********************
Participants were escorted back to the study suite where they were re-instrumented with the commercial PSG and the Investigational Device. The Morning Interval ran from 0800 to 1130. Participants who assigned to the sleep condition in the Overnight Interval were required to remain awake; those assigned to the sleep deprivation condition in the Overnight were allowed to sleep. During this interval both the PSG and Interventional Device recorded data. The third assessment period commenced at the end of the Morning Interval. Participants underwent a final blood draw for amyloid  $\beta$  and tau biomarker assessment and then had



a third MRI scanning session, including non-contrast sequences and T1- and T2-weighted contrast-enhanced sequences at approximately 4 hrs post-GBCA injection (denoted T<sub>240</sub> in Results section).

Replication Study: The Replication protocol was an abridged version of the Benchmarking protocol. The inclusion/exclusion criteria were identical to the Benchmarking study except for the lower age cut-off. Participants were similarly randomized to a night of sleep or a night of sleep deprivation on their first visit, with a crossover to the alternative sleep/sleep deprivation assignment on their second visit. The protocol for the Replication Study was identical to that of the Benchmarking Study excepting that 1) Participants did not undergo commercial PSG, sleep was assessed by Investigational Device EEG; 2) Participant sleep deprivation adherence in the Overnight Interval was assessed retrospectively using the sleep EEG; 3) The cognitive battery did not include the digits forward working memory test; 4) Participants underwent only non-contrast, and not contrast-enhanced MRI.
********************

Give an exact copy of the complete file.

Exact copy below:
Participants were escorted back to the study suite where they were re-instrumented with the commercial PSG and the Investigational Device. The Morning Interval ran from 0800 to 1130. Participants who assigned to the sleep condition in the Overnight Interval were required to remain awake; those assigned to the sleep deprivation condition in the Overnight were allowed to sleep. During this interval both the PSG and Interventional Device recorded data. The third assessment period commenced at the end of the Morning Interval. Participants underwent a final blood draw for amyloid  $\beta$  and tau biomarker assessment and then had



a third MRI scanning session, including non-contrast sequences and T1- and T2-weighted contrast-enhanced sequences at approximately 4 hrs post-GBCA injection (denoted T<sub>240</sub> in Results section).

Replication Study: The Replication protocol was an abridged version of the Benchmarking protocol. The inclusion/exclusion criteria were identical to the Benchmarking study except for the lower age cut-off. Participants were similarly randomized to a night of sleep or a night of sleep deprivation on their first visit, with a crossover to the alternative sleep/sleep deprivation assignment on their second visit. The protocol for the Replication Study was identical to that of the Benchmarking Study excepting that 1) Participants did not undergo commercial PSG, sleep was assessed by Investigational Device EEG; 2) Participant sleep deprivation adherence in the Overnight Interval was assessed retrospectively using the sleep EEG; 3) The cognitive battery did not include the digits forward working memory test; 4) Participants underwent only non-contrast, and not contrast-enhanced MRI.